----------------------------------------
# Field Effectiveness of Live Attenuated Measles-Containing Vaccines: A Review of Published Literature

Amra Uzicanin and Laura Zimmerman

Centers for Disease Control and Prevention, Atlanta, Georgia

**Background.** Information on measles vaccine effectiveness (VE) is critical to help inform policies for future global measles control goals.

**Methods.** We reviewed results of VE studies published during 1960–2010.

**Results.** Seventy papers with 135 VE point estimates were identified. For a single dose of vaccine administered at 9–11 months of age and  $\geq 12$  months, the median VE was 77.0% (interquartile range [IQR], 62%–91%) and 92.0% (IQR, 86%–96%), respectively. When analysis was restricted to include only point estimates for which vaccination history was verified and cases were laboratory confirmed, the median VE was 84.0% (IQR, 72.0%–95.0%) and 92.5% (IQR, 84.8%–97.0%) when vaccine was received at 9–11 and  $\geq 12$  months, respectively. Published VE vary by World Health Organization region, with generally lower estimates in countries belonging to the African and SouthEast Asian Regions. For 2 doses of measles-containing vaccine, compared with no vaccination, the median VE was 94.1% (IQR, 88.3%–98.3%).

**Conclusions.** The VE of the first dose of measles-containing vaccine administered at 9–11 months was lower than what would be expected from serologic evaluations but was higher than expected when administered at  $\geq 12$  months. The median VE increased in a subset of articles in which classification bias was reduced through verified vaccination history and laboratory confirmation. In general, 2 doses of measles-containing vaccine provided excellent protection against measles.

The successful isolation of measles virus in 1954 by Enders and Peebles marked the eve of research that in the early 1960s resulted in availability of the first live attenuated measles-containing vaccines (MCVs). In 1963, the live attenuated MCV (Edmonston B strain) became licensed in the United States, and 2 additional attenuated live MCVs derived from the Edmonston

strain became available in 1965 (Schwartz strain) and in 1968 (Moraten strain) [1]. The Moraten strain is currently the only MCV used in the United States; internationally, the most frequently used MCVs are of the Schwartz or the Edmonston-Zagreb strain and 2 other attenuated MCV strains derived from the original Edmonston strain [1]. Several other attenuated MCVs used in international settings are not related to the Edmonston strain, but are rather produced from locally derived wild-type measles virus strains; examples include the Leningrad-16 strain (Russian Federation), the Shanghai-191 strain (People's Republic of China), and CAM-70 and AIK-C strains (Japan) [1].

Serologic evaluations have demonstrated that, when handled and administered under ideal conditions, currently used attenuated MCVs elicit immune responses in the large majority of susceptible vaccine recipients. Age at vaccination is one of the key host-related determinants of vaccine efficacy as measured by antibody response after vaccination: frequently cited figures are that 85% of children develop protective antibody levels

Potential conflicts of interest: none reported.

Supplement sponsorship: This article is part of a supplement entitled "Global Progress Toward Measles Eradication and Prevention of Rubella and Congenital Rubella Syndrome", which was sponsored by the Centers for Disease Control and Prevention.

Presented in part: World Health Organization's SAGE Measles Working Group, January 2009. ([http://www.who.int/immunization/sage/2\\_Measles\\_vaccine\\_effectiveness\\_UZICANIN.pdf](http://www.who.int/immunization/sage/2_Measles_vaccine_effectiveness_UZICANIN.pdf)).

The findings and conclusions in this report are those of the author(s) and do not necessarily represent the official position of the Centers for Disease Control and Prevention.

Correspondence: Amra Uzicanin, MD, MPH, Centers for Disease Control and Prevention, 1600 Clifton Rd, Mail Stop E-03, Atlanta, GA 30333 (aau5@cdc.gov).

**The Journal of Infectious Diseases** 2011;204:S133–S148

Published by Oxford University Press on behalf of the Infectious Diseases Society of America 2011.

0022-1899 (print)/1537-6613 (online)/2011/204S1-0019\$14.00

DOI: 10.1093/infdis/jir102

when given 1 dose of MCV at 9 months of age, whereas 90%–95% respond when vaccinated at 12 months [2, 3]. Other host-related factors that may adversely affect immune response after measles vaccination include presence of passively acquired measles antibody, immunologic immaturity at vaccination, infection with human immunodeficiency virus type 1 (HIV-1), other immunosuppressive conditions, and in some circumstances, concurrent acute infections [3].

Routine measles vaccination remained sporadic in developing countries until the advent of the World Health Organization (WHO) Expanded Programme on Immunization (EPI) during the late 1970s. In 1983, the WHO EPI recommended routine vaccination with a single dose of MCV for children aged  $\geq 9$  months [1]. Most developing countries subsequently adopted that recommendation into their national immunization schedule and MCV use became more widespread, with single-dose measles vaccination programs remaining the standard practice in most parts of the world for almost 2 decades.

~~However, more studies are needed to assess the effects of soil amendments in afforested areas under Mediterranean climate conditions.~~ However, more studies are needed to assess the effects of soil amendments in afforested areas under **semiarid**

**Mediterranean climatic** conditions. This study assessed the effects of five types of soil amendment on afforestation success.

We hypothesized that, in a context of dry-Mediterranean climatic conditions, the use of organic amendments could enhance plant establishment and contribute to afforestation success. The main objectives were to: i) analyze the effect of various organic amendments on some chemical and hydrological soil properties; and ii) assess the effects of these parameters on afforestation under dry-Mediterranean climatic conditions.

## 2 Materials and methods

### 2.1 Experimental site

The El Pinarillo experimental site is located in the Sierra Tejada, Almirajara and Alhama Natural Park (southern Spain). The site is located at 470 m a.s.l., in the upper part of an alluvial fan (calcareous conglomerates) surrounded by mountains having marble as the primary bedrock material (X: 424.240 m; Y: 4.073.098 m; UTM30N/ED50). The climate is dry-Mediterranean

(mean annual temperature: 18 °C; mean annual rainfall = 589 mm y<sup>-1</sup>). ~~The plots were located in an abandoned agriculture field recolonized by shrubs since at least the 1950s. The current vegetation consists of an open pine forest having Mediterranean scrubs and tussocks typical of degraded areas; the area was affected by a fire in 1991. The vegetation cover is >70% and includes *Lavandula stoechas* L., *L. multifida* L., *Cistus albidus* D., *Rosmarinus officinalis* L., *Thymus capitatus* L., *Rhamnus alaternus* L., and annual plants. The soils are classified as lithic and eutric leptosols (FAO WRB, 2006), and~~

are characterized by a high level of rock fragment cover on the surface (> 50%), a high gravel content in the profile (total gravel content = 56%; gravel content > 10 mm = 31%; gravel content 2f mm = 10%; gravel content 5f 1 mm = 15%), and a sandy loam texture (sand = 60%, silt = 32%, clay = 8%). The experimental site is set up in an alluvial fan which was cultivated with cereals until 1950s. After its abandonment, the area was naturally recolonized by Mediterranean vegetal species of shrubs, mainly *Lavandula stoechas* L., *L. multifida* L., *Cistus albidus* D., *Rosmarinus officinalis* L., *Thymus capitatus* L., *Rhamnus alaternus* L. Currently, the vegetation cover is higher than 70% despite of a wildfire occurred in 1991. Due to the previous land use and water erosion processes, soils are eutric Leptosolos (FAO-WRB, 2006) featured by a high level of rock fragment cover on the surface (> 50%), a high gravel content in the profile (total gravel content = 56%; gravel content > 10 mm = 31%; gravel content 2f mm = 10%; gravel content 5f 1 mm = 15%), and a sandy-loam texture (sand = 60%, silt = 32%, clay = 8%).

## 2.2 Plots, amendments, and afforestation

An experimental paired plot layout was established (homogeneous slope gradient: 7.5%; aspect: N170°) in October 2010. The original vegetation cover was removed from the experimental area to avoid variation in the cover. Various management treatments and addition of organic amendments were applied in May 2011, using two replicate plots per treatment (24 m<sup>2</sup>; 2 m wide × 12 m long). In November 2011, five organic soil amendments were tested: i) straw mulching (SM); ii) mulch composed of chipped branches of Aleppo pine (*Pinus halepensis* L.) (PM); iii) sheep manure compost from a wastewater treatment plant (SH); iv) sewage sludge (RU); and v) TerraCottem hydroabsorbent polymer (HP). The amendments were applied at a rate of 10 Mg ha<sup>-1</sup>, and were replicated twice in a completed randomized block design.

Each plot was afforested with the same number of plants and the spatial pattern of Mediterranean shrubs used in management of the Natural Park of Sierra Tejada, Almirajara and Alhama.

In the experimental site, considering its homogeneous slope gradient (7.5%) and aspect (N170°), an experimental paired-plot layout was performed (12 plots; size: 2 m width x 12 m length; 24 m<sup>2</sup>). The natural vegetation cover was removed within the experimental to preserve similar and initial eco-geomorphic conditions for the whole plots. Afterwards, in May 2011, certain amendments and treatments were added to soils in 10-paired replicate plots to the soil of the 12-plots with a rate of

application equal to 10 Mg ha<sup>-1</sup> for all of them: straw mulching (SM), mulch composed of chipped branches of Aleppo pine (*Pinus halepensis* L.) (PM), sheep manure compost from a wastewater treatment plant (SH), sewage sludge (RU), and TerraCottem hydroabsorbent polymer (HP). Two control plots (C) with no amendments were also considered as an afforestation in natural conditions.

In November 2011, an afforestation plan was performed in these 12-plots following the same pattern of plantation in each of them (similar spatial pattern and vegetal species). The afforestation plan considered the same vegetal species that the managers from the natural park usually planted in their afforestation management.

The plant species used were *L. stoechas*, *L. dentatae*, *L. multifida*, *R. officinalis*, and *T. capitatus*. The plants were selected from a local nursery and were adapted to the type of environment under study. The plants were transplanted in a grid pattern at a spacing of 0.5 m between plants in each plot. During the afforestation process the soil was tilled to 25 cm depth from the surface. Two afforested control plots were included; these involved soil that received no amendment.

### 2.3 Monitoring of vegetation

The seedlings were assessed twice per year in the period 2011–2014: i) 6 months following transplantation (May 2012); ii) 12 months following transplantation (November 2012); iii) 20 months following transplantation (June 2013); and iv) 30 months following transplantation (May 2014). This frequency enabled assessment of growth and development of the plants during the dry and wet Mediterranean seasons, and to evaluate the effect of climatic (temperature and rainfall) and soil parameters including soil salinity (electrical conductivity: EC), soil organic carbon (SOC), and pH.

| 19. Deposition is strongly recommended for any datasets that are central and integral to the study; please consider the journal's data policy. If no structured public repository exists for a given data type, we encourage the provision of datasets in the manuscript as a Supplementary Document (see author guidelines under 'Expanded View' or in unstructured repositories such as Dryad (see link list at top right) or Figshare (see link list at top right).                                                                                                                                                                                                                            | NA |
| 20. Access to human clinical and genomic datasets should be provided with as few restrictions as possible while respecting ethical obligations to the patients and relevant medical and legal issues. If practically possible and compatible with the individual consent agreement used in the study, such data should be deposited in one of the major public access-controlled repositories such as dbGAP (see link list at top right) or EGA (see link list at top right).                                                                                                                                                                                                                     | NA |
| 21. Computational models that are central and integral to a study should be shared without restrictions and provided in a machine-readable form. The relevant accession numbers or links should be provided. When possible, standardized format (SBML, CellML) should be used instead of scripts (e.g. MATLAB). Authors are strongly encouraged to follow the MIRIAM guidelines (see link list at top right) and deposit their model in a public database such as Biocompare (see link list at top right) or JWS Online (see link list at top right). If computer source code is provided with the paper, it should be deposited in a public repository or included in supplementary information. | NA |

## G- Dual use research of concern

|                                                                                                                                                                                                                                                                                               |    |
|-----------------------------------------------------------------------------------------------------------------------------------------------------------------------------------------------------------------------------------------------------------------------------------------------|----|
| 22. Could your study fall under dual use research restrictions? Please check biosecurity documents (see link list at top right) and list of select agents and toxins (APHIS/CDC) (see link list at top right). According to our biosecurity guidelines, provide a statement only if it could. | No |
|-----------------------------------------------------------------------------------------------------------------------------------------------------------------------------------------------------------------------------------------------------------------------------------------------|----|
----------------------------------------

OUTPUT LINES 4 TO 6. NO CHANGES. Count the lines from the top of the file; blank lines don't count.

**Background.** Information on measles vaccine effectiveness (VE) is critical to help inform policies for future global measles control goals.

**Methods.** We reviewed results of VE studies published during 1960–2010.

**Results.** Seventy papers with 135 VE point estimates were identified. For a single dose of vaccine administered at 9–11 months of age and  $\geq 12$  months, the median VE was 77.0% (interquartile range [IQR], 62%–91%) and 92.0% (IQR, 86%–96%), respectively. When analysis was restricted to include only point estimates for which vaccination history was verified and cases were laboratory confirmed, the median VE was 84.0% (IQR, 72.0%–95.0%) and 92.5% (IQR, 84.8%–97.0%) when vaccine was received at 9–11 and  $\geq 12$  months, respectively. Published VE vary by World Health Organization region, with generally lower estimates in countries belonging to the African and SouthEast Asian Regions. For 2 doses of measles-containing vaccine, compared with no vaccination, the median VE was 94.1% (IQR, 88.3%–98.3%).